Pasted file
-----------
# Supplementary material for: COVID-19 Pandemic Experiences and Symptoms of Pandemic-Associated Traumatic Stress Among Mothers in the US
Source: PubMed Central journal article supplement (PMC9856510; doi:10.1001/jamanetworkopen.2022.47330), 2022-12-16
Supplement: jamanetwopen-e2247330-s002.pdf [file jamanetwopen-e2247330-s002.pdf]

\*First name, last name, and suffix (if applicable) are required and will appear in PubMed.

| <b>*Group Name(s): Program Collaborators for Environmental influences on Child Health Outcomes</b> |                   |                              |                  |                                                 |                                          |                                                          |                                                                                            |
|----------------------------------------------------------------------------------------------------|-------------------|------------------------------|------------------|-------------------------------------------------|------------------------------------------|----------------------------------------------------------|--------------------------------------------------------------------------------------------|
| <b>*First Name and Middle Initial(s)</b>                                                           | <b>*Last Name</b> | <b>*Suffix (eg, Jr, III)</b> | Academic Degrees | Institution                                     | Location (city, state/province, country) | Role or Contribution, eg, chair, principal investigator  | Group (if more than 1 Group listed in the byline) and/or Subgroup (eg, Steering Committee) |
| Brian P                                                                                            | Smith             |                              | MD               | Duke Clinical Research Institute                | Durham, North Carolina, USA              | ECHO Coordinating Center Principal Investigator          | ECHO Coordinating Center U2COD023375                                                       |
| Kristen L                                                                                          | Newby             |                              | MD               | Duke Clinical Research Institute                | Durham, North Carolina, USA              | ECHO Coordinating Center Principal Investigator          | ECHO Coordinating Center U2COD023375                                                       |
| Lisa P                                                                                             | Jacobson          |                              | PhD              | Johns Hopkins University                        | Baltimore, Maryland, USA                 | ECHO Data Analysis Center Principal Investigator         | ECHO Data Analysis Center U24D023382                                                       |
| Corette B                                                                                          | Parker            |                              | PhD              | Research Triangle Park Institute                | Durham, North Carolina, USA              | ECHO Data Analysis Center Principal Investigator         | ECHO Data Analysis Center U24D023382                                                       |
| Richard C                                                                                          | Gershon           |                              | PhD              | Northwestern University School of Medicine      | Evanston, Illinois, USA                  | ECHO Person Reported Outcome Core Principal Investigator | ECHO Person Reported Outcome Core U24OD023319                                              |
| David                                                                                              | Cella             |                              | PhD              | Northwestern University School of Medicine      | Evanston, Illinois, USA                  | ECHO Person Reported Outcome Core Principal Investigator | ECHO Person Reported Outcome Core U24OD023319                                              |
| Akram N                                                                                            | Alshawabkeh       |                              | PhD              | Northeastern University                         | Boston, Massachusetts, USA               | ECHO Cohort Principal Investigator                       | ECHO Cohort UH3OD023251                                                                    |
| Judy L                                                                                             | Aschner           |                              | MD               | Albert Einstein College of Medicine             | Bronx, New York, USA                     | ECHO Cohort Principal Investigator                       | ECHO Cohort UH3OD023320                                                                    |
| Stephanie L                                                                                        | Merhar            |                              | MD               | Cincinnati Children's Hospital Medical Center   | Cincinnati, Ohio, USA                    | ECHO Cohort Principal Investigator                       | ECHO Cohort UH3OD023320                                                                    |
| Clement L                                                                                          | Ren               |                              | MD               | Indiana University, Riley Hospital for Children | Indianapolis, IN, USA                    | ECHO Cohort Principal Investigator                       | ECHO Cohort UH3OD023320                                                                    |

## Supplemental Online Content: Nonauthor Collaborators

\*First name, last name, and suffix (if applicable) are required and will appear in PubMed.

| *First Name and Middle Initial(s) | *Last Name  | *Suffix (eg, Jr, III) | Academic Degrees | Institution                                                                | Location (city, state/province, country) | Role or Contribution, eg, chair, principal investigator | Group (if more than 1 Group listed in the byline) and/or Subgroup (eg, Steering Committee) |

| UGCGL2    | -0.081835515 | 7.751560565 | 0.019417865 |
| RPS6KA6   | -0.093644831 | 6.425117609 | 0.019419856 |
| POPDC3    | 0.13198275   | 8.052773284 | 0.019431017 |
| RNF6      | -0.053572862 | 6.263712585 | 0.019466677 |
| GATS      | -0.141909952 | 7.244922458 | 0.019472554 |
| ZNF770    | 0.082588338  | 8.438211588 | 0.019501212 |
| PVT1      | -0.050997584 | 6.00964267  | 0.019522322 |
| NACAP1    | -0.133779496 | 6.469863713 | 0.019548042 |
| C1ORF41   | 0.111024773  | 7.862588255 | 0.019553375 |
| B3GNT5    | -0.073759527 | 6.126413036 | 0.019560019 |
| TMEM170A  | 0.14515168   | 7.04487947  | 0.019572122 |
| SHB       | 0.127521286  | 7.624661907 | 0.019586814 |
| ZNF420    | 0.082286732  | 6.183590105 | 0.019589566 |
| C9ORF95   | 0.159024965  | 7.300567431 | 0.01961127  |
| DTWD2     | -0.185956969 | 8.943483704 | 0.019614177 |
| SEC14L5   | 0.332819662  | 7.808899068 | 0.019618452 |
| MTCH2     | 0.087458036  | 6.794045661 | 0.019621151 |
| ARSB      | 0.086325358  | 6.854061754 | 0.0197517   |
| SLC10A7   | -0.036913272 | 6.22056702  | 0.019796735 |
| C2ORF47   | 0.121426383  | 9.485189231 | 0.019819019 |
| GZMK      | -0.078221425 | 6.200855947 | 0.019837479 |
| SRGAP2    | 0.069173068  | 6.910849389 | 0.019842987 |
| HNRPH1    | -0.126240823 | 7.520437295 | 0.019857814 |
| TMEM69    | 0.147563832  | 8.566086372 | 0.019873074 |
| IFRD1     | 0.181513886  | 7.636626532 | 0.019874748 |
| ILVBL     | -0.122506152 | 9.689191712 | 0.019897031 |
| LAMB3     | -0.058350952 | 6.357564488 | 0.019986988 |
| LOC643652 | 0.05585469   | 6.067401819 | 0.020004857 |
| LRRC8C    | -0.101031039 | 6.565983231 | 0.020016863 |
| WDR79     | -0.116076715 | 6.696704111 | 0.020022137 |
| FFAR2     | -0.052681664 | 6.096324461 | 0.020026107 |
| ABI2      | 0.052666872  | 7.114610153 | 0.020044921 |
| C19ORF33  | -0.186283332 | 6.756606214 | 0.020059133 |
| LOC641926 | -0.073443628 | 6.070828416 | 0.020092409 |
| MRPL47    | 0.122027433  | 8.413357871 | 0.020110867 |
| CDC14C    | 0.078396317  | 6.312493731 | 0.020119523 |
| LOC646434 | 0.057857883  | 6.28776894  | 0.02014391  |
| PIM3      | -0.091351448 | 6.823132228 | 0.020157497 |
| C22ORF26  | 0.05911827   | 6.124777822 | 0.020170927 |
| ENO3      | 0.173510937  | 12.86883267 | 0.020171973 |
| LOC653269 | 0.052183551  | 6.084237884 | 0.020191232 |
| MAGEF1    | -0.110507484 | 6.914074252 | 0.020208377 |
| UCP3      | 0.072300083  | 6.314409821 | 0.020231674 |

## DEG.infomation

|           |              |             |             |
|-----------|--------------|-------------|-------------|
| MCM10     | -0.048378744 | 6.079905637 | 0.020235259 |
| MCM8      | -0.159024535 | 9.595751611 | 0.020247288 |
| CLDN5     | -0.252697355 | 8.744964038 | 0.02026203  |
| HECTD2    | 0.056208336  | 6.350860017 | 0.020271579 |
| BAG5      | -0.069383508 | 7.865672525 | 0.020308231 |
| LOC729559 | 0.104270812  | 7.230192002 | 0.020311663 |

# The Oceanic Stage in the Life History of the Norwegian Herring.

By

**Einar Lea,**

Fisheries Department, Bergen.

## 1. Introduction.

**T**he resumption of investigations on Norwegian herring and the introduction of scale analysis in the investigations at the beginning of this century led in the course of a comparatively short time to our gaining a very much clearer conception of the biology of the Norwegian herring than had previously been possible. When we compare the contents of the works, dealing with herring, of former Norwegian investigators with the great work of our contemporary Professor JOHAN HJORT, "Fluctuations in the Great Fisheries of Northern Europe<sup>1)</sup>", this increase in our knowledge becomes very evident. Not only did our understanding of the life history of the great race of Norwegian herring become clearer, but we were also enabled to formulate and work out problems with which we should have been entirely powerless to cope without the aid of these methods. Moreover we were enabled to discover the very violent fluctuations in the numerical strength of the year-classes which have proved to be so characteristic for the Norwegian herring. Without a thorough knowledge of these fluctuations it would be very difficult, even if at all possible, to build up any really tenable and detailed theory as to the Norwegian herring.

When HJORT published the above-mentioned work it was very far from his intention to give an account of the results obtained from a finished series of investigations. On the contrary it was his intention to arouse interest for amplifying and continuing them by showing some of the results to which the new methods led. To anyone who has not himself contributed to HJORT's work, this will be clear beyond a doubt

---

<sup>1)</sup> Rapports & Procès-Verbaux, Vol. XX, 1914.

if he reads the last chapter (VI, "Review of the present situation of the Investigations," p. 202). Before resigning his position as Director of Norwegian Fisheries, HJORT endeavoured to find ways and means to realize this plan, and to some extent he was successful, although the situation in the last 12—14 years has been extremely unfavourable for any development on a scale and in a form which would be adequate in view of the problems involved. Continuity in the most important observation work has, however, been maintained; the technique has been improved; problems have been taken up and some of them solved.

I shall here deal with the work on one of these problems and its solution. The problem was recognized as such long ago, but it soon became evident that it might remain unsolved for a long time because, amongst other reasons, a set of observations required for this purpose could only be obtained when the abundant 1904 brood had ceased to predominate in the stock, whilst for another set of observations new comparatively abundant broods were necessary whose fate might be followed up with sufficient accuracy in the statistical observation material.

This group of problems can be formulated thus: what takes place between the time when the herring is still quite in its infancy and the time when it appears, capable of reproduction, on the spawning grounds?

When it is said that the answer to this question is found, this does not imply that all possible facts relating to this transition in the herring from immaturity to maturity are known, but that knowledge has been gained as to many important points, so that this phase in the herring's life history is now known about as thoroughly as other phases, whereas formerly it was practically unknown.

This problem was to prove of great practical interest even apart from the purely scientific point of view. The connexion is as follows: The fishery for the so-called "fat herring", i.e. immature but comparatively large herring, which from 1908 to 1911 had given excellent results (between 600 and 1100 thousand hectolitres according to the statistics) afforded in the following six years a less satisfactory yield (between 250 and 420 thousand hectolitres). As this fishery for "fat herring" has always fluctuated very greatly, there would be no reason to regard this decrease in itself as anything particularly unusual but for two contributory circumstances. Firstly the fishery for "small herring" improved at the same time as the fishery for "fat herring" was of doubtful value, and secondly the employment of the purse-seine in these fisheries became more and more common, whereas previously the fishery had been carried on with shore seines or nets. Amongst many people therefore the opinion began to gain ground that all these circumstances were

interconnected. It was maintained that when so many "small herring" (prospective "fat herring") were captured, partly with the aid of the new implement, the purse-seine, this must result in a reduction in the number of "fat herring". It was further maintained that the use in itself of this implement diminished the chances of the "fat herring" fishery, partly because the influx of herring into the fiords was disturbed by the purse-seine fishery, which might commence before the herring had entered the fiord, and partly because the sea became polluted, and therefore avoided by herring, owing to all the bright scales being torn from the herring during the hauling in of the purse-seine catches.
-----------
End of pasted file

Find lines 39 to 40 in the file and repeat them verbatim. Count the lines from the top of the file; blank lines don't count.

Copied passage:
| SLC10A7   | -0.036913272 | 6.22056702  | 0.019796735 |
| C2ORF47   | 0.121426383  | 9.485189231 | 0.019819019 |